Malcolm Gladwell's latest book, "What the Dog Saw," is actually a collection of essays: specifically, his work at The New Yorker from the past ten years or so. It's a book designed for the same sort of curious mind that delights in the random parallels found in "Freakonomics" (in which authors Levitt and Dubner ask, "What do Sumo wrestlers and kindergarten teachers have in common?"). Gladwell's essays draw comparisons between mammograms and precision bombing, Enron and the Nazi "super weapon" of the 1940s. And in amongst this collection of oddities, he finds the time to wonder why, in a world of hundreds of mustard varieties, there's really only one ketchup.
The answer is straightforward, according to the professionally trained tasters and sensory-analysis experts Gladwell interviewed: it's all in the amplitude. Ketchup, somewhat uniquely among ingestables, represents a near-perfect balance not only of the five flavors detectable by our taste buds, but also of the way they "bloom" together and the way the textures interact: "When something is high in amplitude, all its constituent elements converge into a single gestalt. You can't isolate the elements of an iconic, high-amplitude flavor like Coca-Cola or Pepsi. But you can with one of those private-label colas that you get in the supermarket... Some of the cheaper ketchups are the same way. Ketchup aficionados say that there's a disquieting unevenness to the tomato notes in Del Monte ketchup."
Google is the essence of amplitude. Though its simplicity has been praised far and wide, in reality the search engine strikes just the right balance: everything you need and not too much. You want advanced search? No problem. You want images or news or blogs? No problem. But that straightforward query box, in the vast majority of instances, is ketchup. We know that when we hit Enter, we'll get that perfect amplitude: the search engine will do just enough thinking for us to be helpful, without doing so much that we feel deprived of choice.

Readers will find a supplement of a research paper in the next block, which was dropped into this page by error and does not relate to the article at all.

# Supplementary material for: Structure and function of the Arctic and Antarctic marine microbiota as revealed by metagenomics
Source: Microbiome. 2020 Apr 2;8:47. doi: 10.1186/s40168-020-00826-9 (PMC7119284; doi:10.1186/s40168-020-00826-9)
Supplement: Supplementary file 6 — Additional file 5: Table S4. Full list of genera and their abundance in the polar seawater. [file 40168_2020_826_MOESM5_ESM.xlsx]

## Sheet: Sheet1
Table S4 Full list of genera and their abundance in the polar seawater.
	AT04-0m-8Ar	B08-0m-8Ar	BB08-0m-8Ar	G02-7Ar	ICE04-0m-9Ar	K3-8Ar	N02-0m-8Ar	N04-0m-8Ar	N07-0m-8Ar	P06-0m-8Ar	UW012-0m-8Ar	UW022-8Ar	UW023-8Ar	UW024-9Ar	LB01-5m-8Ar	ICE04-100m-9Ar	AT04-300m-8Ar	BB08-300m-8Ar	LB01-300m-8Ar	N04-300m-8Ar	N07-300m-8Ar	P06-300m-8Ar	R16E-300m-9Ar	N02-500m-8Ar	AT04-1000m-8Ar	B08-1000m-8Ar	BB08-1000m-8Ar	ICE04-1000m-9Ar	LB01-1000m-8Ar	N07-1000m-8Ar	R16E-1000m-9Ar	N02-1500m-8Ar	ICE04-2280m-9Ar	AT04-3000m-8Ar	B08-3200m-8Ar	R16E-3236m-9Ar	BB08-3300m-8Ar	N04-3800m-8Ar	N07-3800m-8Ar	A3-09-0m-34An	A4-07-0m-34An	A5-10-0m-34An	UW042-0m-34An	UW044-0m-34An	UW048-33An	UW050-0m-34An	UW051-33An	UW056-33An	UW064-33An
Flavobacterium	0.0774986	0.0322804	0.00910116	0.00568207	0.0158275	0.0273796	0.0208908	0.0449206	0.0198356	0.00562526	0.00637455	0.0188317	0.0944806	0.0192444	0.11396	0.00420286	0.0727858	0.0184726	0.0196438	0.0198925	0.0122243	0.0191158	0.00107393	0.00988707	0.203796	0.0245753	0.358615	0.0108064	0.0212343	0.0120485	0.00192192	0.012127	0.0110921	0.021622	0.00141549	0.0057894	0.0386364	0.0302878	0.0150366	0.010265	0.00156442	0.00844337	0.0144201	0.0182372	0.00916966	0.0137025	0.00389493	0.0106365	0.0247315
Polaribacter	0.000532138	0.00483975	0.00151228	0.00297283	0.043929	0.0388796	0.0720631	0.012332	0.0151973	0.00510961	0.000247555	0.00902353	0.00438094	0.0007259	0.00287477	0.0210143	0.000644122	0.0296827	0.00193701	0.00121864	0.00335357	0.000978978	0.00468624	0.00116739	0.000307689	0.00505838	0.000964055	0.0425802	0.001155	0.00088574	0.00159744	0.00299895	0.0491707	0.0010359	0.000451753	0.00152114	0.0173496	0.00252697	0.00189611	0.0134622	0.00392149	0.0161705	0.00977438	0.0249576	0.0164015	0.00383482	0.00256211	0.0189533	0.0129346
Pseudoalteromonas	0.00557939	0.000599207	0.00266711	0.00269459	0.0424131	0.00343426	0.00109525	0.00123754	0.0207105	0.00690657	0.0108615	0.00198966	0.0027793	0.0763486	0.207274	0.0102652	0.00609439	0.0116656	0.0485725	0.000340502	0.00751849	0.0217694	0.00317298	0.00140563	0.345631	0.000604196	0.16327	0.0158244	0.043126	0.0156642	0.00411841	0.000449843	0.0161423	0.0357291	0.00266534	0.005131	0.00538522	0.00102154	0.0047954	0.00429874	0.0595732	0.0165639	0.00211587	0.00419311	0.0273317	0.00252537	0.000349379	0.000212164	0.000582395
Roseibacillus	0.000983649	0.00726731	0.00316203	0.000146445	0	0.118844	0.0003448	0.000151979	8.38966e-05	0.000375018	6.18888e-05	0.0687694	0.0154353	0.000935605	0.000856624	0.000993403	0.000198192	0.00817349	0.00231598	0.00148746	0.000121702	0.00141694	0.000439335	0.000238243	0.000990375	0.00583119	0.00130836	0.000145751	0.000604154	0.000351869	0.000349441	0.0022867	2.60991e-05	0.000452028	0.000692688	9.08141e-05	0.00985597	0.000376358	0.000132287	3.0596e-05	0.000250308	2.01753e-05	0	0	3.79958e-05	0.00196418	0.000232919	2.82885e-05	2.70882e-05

When you're a new product entering a market dominated by a well-established player with high amplitude, your main strategy is to try to stand out. "They're perfectly balanced? Well then we'll make garlic ketchup! Lemon ketchup! Jalapeño ketchup!" The problem, as Gladwell points out, is that those "hooks" that make it different in the beginning tend to be the very thing you get sick of first.
Remember how vertical search engines were going to swoop in and -- in their multitudes -- sweep Google off its feet? Ten years ago, I was sitting in a meeting with someone telling me their new site was a "portal-vortal, a kind of vertical portal" -- whatever that meant. But the vertical hook is, by definition, limiting. There's a reason I go to Google instead of individual fora when I've got an IT question; it's because I don't know who'll have the best answer and I can't be bothered to do an individual search on each site.
Certain verticals have won their way into our hearts: Rotten Tomatoes, for example, is likely the first place you'll go for a movie review. But overall, the search industry acts more like ketchup than mustard. Gladwell quotes Howard Moskowitz, a food-testing market research guru: "I guess," says Moskowitz, "ketchup is ketchup."
Me, I guess search is Google -- but I'd be interested to know if you see any jalapeño-flavored verticals on the horizon. Let me know in the comments or via @kcolbin.